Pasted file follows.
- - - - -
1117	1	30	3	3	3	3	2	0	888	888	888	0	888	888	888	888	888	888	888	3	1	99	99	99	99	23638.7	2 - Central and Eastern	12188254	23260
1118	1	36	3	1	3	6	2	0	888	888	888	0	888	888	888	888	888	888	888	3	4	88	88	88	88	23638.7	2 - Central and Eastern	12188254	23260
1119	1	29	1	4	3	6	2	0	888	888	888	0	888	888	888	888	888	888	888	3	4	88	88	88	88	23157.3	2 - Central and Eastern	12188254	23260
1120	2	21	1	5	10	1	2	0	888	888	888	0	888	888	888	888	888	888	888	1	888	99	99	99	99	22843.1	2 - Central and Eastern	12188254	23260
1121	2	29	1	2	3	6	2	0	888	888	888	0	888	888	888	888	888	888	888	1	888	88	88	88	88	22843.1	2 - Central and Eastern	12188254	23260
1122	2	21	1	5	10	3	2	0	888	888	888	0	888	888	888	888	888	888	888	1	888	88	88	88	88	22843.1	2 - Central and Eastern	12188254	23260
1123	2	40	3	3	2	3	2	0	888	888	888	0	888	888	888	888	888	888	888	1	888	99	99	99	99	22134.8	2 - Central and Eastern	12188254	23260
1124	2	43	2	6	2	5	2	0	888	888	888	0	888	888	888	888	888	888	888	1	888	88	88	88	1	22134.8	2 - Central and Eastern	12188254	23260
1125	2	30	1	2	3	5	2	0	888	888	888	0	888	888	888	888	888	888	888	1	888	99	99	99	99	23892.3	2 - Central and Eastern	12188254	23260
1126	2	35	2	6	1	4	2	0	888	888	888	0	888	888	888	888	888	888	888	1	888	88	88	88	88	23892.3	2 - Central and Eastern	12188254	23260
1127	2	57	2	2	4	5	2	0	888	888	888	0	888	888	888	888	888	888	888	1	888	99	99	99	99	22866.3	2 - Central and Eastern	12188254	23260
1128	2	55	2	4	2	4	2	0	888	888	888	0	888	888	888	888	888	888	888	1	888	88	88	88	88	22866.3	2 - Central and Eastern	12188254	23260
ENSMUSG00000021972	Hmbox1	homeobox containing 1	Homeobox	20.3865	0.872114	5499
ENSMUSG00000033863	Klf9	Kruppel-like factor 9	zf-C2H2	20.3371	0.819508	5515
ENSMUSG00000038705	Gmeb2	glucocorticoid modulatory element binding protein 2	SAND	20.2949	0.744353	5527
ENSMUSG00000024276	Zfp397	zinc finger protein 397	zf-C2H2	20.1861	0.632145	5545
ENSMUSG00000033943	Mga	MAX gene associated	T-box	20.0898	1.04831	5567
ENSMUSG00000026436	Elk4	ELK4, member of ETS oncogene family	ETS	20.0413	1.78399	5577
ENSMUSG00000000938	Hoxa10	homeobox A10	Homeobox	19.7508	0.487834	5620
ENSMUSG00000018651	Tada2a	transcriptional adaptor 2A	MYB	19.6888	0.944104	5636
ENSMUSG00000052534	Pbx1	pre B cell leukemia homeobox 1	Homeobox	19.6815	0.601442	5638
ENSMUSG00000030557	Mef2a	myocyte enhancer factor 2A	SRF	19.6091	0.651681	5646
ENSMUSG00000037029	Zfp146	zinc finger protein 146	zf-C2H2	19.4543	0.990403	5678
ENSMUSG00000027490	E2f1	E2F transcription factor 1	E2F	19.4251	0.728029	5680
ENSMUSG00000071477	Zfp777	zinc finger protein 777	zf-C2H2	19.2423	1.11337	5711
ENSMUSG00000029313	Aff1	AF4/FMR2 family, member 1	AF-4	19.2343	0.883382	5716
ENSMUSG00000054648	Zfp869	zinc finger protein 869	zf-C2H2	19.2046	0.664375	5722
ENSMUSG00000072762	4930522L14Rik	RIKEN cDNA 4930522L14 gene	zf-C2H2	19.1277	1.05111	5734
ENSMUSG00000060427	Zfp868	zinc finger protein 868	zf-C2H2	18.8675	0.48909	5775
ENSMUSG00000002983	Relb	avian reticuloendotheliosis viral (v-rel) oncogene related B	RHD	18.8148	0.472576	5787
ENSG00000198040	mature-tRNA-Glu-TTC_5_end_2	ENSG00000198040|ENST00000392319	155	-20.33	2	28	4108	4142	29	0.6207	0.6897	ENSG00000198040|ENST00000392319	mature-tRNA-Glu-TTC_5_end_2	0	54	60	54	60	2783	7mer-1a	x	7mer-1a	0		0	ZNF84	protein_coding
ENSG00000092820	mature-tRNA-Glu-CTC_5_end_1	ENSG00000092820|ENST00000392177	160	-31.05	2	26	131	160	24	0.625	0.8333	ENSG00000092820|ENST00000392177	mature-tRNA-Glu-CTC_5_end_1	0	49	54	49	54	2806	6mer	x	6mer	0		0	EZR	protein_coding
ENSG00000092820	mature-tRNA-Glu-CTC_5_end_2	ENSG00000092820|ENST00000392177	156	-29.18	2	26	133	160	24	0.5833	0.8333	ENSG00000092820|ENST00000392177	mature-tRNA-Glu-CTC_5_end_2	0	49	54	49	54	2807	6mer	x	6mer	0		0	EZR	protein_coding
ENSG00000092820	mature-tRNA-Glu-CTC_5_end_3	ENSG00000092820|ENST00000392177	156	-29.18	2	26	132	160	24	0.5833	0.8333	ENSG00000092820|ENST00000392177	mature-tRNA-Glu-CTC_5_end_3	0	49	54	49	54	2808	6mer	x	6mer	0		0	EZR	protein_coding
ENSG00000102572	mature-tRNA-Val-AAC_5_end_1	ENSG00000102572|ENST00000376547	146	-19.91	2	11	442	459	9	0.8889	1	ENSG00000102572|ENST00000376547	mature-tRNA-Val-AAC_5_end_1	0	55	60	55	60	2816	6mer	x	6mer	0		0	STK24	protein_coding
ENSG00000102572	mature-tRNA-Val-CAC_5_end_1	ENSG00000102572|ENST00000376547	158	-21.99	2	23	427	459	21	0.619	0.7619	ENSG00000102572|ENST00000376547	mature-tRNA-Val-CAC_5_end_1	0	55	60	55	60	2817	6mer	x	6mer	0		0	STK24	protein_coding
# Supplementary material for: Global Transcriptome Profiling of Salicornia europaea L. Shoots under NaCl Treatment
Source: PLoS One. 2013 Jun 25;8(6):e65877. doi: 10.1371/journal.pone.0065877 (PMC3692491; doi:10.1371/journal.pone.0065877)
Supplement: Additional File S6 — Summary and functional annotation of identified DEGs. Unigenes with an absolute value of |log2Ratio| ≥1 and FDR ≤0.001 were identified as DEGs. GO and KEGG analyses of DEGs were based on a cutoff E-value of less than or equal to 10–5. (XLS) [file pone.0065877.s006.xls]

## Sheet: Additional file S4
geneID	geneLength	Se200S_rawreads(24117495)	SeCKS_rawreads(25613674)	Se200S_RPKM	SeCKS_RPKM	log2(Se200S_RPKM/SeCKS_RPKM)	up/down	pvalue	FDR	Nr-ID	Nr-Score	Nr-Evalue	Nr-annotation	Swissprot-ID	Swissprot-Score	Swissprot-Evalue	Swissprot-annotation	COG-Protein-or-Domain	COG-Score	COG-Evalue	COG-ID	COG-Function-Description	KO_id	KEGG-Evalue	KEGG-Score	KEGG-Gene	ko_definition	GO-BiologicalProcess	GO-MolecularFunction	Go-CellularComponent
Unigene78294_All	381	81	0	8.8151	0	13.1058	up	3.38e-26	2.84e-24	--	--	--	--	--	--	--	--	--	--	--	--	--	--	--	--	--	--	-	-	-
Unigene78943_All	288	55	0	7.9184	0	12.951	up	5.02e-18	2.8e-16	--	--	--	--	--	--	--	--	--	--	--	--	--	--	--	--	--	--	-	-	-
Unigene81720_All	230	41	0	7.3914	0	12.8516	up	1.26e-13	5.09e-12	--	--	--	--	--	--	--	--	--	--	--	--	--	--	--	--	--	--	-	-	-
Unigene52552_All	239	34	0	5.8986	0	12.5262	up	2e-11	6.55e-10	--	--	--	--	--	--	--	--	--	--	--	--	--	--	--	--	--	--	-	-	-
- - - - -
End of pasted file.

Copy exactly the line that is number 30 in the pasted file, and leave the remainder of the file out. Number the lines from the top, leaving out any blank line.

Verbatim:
ENSMUSG00000002983	Relb	avian reticuloendotheliosis viral (v-rel) oncogene related B	RHD	18.8148	0.472576	5787